The HHDD itself is the controller per say in that the internal processor that manages the HDD also directly access the RAM and flash.
What type of flash is used and will it wear out?
The XT uses SLC (single level cell) flash which with wear leveling has a good duty cycle (life span) and is what is typically found in higher end flash SSD solutions vs. lower cost MLC (multi level cell)
Have I lost any data from it yet?
No, at least nothing that was not my own fault from saving the wrong file in the wrong place and having to recover from one of my recent D2D copies or the cloud. Oh, regarding what have I done with the HDDs that were replaced by the HHDDs? They are now an extra gold master backup copy as of a particular point in time and are being kept in a safe secure facility, encrypted of course.
Have you noticed a performance improvement?
Yes, performance will vary however in many cases I have seen performance comparable to SSD on both reads and writes as long as the HDDs keep up with the flash and RAM cache. Even as larger amounts of data are written, I have seen better performance than compared to HDDs. The caveat however is that initially you may see little to marginal performance improvement however over time, particularly on the same files, performance tends to improve. Working on large tens to hundreds of MByte size documents I noticed good performance when doing saves compared to working with them on a HDD.
What do the HHDDs cost?
Amazon.com has the 500GB model for about $100 which is about $40 to $50 less than when I bought my most recent one last fall. I have heard from other people that you can find them at even lower prices at other venues. In the theme of disclosures, I bought one of my HHDDs from Amazon and Seagate gave me one to test.
Will I buy more HHDDs or switch to SSDs?
Where applicable I will add SSDs as well as HDDs, however where possible and practical, I will also add HHDDs perhaps even replacing the HDDs in my NAS system with HHDDs at some time or maybe trying them in a DVR.
What is the down side to the HHDDs?
Im generating and saving more data on the devices at a faster rate which means that when I installed them I was wondering if I would ever fill up a 500GB drive. I still have hundreds of GBytes free or available for use, however I also am able to cary more reference data or information than in the past. In addition to more reference data including videos, audio, images, slide decks and other content, I have also been able to keep more versions or copies of documents which has been handy on the book project. Data that changes gets backed up D2D as well as to my cloud provider including while traveling. Leveraging compression and dedupe, given that many chapters or other content are similar, not as much data actually gets transmitted when doing cloud backups which has been handy when doing a backup from a airplane flying over the clouds. A wish for the XT type of HHDD that I have is for vendors such as Seagate to add Self Encrypting Disk (SED) capabilities to them along with applying continued intelligent power management (IPM) enhancements.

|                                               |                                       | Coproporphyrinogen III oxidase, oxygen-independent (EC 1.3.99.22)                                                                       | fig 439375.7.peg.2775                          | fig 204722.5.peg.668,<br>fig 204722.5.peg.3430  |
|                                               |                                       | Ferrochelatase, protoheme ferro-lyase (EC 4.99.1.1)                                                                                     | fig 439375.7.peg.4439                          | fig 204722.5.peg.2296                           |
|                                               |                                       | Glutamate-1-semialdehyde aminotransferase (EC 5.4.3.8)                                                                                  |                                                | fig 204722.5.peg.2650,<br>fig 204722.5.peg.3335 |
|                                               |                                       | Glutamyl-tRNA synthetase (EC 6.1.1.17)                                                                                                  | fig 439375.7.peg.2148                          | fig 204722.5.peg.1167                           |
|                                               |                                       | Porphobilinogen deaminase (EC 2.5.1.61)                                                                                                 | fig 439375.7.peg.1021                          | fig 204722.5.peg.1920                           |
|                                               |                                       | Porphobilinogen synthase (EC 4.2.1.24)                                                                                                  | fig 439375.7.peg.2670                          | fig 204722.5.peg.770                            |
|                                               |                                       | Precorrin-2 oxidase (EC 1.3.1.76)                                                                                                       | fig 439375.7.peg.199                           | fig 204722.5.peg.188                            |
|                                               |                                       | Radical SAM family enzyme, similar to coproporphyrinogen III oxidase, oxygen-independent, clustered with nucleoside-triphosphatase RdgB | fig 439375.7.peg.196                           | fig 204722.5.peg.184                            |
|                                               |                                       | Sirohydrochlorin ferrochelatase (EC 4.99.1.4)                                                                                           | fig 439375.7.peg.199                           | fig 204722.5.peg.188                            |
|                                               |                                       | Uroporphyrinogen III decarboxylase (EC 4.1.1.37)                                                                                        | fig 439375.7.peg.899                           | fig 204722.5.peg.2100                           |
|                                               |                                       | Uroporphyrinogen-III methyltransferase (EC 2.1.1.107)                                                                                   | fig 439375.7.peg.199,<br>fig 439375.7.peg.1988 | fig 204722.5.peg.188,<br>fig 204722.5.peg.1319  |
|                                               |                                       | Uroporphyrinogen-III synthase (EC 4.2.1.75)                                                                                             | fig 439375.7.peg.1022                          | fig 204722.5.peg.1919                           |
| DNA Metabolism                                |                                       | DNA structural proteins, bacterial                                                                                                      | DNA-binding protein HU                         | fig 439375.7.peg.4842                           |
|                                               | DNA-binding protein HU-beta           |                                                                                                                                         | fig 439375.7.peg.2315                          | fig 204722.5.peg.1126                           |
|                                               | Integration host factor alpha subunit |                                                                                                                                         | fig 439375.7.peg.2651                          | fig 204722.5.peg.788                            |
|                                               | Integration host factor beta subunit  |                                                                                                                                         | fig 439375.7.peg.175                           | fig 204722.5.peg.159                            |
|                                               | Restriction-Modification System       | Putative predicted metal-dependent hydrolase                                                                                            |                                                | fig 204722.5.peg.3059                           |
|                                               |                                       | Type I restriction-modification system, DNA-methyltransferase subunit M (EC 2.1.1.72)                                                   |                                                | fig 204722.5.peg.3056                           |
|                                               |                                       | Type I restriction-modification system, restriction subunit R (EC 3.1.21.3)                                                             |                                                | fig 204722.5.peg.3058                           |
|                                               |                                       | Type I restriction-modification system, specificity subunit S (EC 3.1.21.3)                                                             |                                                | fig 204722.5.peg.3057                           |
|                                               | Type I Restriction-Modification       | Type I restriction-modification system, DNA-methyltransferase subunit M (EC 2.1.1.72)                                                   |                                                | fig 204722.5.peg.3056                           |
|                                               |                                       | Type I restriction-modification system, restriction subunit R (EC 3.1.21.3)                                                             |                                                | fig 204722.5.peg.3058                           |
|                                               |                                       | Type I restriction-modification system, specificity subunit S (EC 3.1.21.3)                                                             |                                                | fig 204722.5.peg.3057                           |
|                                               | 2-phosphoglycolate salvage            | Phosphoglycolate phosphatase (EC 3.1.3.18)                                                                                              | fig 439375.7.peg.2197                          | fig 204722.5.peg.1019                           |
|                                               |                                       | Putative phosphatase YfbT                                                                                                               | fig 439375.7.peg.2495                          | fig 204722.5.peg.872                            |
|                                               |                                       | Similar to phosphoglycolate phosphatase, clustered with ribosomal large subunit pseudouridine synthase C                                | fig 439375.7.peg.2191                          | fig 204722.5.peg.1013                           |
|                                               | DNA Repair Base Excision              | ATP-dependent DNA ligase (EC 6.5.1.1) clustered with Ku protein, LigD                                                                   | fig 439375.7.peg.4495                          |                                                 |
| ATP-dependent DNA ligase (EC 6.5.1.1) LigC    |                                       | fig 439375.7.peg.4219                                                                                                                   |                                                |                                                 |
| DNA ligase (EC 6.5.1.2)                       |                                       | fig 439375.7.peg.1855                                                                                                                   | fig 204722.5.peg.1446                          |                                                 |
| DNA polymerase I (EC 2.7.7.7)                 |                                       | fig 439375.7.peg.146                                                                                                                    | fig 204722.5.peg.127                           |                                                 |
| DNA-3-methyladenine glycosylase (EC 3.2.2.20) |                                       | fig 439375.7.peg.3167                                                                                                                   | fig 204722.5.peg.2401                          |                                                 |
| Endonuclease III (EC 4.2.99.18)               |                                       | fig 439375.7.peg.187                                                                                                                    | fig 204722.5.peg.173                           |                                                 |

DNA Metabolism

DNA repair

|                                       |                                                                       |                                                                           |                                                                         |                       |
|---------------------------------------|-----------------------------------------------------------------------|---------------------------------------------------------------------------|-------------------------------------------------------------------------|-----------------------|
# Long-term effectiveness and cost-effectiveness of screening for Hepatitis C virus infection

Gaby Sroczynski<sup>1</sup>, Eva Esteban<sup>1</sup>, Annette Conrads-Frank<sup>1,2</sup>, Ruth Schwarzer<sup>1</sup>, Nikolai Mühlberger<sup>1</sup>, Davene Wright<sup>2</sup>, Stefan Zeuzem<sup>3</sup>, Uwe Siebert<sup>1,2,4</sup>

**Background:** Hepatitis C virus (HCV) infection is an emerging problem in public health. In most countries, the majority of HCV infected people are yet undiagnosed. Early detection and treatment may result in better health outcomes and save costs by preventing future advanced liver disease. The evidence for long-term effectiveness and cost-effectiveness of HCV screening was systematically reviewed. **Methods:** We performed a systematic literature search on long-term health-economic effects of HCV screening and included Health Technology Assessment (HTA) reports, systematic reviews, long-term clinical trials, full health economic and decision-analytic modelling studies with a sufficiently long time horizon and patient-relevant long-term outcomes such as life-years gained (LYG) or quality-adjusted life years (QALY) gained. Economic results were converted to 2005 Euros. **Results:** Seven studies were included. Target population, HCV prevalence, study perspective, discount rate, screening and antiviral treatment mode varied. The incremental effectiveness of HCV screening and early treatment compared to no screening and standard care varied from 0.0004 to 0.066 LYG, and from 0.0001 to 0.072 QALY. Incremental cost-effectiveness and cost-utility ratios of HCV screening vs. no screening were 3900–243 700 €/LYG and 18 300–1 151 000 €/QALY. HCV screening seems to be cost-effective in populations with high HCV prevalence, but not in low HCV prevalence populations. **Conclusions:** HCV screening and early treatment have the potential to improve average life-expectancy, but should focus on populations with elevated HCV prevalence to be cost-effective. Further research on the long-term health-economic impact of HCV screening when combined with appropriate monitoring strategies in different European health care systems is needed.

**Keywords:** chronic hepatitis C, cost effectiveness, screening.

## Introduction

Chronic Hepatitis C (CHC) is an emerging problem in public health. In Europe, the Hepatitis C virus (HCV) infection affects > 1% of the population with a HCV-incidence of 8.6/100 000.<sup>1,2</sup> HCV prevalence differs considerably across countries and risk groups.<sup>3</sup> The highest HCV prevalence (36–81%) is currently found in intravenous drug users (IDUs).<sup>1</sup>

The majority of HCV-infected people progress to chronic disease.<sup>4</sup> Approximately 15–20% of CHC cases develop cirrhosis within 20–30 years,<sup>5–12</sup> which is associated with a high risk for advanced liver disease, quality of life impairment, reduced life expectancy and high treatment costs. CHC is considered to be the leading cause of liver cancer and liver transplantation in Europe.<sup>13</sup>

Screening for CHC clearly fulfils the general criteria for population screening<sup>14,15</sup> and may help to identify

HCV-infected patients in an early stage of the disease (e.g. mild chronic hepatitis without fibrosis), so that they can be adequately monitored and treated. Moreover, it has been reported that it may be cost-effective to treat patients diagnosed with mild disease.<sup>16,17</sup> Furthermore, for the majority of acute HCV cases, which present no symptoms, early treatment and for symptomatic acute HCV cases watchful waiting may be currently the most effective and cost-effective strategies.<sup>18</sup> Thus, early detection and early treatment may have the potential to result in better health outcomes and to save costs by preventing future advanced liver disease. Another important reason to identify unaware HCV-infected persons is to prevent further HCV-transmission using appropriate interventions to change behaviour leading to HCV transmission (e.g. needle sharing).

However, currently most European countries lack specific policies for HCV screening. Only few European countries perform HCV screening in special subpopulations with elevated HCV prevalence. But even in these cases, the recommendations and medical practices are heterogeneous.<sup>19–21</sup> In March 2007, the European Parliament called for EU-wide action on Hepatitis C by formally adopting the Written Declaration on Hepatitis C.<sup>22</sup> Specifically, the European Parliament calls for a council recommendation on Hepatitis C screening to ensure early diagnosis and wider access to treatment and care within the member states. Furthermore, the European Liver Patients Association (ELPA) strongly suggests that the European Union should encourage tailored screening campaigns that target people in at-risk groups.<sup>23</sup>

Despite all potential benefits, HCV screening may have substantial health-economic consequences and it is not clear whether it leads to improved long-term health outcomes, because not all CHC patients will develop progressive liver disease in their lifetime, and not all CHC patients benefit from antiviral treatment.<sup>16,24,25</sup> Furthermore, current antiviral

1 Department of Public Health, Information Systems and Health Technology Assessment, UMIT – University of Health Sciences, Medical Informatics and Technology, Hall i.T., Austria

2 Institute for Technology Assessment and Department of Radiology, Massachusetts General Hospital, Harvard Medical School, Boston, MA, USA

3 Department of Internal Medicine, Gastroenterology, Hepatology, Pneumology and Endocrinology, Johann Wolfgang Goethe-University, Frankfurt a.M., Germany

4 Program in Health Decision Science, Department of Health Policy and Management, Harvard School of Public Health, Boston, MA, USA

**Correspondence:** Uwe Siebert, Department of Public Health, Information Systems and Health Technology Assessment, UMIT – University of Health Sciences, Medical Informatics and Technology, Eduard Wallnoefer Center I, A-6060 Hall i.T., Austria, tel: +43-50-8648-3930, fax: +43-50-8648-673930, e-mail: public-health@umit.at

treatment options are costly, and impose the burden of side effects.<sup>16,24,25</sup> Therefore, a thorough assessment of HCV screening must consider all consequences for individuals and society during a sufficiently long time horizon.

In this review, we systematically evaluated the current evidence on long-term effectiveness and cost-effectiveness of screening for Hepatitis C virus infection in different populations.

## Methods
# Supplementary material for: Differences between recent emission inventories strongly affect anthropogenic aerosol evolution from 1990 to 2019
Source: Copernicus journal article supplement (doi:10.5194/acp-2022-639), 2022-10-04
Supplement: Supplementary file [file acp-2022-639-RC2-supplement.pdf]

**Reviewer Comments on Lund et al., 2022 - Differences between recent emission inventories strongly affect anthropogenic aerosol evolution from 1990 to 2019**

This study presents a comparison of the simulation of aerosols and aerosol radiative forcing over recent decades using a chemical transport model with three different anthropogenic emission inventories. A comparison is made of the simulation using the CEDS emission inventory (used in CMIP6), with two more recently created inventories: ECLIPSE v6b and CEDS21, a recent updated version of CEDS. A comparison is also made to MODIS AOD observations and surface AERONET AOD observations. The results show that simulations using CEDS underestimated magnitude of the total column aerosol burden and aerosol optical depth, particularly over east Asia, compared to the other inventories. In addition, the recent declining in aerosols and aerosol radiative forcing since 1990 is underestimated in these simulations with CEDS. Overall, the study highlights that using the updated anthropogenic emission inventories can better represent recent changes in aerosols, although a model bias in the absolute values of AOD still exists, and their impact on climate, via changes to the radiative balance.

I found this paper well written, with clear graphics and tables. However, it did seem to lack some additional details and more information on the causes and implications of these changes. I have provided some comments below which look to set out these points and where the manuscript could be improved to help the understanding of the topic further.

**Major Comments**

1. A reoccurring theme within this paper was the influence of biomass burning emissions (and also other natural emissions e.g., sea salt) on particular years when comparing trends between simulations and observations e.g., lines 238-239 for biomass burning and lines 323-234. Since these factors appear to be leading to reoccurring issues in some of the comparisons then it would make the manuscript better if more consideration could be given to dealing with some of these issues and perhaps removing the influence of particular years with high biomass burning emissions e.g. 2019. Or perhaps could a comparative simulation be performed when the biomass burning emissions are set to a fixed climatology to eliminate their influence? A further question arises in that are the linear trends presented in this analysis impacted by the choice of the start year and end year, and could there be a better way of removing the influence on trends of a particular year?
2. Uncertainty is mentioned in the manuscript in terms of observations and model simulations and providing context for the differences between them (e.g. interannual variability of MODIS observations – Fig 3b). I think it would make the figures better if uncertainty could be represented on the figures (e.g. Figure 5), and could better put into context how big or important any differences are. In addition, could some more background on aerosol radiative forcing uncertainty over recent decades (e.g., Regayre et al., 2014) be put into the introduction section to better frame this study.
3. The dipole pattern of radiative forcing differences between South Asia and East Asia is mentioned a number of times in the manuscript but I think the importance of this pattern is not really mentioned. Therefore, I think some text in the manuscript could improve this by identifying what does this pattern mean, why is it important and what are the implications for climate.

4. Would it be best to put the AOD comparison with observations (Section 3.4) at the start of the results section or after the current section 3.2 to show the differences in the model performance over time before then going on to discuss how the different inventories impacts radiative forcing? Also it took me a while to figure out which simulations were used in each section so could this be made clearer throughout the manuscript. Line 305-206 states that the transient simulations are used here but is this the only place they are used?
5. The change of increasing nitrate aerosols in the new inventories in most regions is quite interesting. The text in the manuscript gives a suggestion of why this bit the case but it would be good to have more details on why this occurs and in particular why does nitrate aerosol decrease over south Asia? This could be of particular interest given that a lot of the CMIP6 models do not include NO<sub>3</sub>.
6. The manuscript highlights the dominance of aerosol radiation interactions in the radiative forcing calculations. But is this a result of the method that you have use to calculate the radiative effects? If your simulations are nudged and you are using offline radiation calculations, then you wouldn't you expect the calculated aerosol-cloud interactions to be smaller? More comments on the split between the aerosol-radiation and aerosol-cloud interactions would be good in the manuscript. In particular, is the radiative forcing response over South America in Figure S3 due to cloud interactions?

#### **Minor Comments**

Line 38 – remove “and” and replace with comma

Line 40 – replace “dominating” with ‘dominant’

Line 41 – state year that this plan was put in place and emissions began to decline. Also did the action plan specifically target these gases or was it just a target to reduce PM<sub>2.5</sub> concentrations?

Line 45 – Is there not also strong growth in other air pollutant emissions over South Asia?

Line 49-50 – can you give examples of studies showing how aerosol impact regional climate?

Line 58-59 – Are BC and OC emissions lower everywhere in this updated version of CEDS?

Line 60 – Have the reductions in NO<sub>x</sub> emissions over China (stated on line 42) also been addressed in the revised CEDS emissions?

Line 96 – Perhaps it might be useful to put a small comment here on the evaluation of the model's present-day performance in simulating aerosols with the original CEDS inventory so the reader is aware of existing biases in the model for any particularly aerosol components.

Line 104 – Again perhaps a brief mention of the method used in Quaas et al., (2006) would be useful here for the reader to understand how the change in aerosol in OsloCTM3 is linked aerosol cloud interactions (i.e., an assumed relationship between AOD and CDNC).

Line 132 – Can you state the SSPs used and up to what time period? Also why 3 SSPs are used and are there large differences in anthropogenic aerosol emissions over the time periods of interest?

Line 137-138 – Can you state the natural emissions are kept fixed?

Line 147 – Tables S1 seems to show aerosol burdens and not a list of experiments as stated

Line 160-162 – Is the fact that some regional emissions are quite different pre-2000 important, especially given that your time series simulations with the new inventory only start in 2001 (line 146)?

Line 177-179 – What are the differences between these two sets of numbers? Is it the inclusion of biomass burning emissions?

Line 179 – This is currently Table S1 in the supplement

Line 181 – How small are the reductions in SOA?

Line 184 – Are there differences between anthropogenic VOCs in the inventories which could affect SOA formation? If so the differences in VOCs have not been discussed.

Why do I like the HHDD?
Simple, it solves both business and technology challenges while being an enabler, it gives me a balance of performance for productivity and capacity in a cost effective manner while being transparent to the systems it works with.
Here are some related links to additional material:
Data Center I/O Bottlenecks Performance Issues and Impacts
Has SSD put Hard Disk Drives (HDDs) On Endangered Species List?
Seagate Momentus XT SD 25 firmware
Seagate Momentus XT SD25 firmware update coming this week
A Storage I/O Momentus Moment
Another StorageIO Hybrid Momentus Moment
As the Hard Disk Drive (HDD) continues to spin
Has SSD put Hard Disk Drives (HDDs) On Endangered Species List?
Funeral for a Friend
As the Hard Disk Drive (HDD) continues to spin
Seagate Momentus XT product specifications
Seagate Momentus XT product manual
Technology Tiering, Servers Storage and Snow Removal
Self Encrypting Disks (SEDs)
Ok, nuff said for now